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Victory Formation

If anyone watched the New York Giants vs. Tampa Bay Buccaneers game on Sept 16th, they saw the coach (Greg Schiano) of Tampa Bay try something that doesn’t usually happen in the NFL. It is an unwritten rule in the NFL, that when an offensive team is in the “Victory” formation, that nothing exciting is supposed to happen. The defense is supposed to let the offense snap the ball, and kneel down, which keeps the clock moving, and essentially ends the ball game. This is a very common occurence in virtually every college, and NFL game, and oftentimes takes place at the end of the first half, in addition to the end of the game.

Upon getting the ball, the Giants set up in their Victory formation and assumed that Tampa Bay would follow suit. They didn’t. They played aggressively, and went after the ball. Granted, they didn’t cause the fumble that they hoped that they would, but they tried.

Immediately following the game, the Giants coach, Tom Coughlin, was upset because of Coach Schiano’s aggressiveness. My question for Coach Coughlin is this: “Why don’t you coach your players to play until the last whistle as well?” After all, why put a clock up if the final minute and a half of every game is going to consist of kneeling the ball. I don’t see the problem with the defense doing what NFL players are paid to do…go after the ball.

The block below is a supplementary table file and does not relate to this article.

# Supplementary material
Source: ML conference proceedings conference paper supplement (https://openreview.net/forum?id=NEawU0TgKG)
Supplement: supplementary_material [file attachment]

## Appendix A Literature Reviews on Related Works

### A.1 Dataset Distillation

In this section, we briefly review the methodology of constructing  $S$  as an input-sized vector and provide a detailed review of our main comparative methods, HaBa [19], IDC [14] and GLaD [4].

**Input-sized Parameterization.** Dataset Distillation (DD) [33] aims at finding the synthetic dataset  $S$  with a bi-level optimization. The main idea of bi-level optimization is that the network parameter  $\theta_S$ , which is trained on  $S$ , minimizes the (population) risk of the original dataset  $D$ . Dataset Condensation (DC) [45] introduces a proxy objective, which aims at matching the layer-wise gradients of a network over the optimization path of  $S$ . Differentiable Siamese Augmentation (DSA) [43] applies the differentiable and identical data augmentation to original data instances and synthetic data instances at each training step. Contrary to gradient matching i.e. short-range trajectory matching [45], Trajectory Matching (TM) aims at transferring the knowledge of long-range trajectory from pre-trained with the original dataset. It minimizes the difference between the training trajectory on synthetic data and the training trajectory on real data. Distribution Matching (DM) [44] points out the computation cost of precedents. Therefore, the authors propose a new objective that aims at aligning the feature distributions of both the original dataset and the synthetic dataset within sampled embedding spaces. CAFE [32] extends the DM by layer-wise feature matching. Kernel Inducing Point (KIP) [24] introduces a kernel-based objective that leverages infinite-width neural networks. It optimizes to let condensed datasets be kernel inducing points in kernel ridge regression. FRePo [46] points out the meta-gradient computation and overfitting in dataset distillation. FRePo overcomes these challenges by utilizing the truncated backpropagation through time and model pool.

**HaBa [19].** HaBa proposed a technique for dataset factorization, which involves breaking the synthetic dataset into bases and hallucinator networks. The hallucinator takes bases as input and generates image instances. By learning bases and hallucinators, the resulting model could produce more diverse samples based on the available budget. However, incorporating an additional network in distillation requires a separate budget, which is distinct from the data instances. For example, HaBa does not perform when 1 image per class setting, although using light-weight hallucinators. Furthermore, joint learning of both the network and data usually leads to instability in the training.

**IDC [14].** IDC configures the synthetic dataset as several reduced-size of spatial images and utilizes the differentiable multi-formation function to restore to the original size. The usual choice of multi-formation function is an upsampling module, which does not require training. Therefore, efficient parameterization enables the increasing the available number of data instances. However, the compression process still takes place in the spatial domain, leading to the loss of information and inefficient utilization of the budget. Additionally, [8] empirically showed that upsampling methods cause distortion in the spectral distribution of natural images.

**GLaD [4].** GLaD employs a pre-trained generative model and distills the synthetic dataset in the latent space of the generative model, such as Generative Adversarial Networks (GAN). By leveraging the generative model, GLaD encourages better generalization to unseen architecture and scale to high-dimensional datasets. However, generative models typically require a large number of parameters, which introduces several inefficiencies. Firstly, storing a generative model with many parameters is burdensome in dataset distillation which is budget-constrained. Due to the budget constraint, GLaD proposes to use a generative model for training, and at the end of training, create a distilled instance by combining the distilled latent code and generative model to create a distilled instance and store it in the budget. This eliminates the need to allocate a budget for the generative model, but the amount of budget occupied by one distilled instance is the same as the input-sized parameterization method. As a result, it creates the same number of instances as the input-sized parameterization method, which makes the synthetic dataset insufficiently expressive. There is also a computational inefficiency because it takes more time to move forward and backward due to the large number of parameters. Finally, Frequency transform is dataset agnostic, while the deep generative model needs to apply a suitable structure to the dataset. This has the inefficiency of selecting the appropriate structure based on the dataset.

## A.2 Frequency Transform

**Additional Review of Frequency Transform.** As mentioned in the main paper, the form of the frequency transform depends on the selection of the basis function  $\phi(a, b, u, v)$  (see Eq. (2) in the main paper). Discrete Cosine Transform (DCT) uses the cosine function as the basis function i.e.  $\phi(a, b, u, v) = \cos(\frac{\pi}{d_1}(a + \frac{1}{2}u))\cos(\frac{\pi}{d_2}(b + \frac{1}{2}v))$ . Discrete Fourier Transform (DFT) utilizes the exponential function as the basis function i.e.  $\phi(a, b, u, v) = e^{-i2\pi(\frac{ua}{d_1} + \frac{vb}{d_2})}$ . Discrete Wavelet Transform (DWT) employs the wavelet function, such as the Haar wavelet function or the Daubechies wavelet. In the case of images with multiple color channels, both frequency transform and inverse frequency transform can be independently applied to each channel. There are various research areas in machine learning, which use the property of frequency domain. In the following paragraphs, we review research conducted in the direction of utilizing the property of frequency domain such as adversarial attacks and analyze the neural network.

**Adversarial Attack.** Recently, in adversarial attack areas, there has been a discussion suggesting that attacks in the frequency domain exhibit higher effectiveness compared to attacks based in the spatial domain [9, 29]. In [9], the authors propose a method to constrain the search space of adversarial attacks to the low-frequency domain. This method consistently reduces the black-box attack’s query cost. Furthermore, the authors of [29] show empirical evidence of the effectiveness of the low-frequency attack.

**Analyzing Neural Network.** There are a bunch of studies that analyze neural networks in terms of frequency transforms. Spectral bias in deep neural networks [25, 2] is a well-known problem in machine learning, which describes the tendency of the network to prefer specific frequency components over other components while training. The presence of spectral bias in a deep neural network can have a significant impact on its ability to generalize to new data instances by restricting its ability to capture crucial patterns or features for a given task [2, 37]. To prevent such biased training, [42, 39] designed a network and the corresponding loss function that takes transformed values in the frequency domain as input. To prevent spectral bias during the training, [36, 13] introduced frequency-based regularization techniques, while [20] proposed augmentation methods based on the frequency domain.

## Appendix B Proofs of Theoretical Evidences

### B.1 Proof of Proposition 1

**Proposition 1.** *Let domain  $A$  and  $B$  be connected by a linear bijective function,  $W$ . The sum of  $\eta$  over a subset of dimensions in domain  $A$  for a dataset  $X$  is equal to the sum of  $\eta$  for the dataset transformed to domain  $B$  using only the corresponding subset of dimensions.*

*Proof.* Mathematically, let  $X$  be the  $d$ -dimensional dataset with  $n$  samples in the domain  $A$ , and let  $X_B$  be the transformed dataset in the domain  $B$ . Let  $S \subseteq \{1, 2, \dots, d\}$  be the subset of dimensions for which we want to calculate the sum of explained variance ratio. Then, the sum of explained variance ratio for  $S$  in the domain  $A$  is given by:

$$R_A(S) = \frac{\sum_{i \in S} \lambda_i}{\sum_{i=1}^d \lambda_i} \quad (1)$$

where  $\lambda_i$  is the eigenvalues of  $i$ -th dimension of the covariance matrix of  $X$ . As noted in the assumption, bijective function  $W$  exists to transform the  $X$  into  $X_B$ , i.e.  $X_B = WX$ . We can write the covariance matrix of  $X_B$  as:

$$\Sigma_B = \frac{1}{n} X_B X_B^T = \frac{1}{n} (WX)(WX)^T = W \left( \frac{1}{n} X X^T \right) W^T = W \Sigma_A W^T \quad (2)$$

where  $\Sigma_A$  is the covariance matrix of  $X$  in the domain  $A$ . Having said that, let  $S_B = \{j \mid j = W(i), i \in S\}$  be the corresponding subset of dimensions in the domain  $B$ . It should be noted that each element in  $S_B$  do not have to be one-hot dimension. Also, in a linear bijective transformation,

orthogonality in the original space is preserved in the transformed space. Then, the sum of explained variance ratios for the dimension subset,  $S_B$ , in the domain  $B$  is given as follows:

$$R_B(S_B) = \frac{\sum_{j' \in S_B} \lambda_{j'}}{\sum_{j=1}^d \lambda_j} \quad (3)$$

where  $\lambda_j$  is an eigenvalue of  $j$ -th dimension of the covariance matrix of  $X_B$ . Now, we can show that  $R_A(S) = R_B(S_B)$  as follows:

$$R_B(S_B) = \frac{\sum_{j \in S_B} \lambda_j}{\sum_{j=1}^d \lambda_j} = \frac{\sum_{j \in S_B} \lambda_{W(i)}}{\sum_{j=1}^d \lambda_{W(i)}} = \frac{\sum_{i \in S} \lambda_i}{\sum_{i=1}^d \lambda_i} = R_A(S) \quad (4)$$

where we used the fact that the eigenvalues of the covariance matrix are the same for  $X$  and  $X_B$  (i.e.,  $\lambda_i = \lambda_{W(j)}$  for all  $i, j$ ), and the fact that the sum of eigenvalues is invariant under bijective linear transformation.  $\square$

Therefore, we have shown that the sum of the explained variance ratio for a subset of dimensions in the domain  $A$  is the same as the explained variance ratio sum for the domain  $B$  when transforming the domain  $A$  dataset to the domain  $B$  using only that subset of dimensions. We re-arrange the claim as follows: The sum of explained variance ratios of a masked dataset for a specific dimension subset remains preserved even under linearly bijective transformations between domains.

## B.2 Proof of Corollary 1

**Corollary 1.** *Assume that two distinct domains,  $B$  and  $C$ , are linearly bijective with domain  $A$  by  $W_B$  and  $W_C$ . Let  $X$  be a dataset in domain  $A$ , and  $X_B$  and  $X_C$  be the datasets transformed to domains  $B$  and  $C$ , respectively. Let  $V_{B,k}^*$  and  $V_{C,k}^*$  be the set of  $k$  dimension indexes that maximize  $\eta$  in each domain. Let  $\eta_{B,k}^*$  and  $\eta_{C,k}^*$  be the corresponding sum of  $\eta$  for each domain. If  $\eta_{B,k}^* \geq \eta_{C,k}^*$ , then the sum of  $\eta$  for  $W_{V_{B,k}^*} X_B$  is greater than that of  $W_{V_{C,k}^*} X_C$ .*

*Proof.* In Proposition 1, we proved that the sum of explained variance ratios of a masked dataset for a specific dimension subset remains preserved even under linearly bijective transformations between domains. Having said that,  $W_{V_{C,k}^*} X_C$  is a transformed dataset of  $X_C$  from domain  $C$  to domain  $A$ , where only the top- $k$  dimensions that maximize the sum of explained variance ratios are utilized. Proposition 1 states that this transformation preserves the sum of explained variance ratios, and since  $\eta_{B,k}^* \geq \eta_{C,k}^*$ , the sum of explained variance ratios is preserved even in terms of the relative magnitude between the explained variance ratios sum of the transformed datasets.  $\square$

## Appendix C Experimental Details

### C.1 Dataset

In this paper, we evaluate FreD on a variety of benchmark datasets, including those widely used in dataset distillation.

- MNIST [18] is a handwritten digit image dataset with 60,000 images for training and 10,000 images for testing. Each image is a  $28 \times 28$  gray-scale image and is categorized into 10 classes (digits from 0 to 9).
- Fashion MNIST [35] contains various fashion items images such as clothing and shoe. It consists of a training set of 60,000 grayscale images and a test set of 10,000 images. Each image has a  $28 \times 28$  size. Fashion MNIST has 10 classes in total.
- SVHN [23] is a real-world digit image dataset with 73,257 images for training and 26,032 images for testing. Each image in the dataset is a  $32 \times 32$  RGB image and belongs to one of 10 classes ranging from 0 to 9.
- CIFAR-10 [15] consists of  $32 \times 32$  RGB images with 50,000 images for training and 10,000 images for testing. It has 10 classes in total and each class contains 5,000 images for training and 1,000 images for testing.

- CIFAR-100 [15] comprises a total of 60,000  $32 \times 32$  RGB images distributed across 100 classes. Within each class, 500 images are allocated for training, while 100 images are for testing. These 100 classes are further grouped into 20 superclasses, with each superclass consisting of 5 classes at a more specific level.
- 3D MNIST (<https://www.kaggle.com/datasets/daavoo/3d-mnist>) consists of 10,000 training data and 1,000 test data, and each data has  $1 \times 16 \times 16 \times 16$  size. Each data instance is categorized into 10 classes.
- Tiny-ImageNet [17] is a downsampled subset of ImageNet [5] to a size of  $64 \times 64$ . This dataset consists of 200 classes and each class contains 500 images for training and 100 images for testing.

A couple of arguments against my stance:

  1. What about the players’ safety? My response: How are they any safer during the other 58 1/2 minutes of the game? Just because the offensive players check out during the last 90 seconds, doesn’t mean that the defense should comply.
  2. What about the unwritten rules of football? My response: What about winning the game? Here is proof that Coach Schiano’s idea can work. Albeit, it doesn’t happen that often, but perhaps if more defenses tried this approach we would see a game go down to the wire more often.
  3. The Giants were trying to be good sports. My response: In a competitive game, where the defense has a shot of winning (no matter how distant the odds), I don’t see where this is unsportsmanlike. I understand, if the offense is ahead by 3 touchdowns, it’s time to call it a day, and kneel on the last three plays. However, when one of the teams decides that they aren’t quite done playing, then it’s not their fault that the other team doesn’t agree.

What in the heck does this have to do with leadership?

In my opinion, Coach Schiano pushed the limit of what is considered the norm. He did so in a perfectly legal way. Just because it wasn’t done in the way that it’s always been done, doesn’t make it wrong. It makes it different. And that’s ok.

What do you do in your position of leadership to push the limits? What have you done lately that hasn’t been looked upon as being “normal?” What ideas have you been thinking about that can take your business places that your predecessors didn’t get to?

I applaud Coach Schiano for coming in, as a rookie head coach, and pushing those limits, in a legal way.

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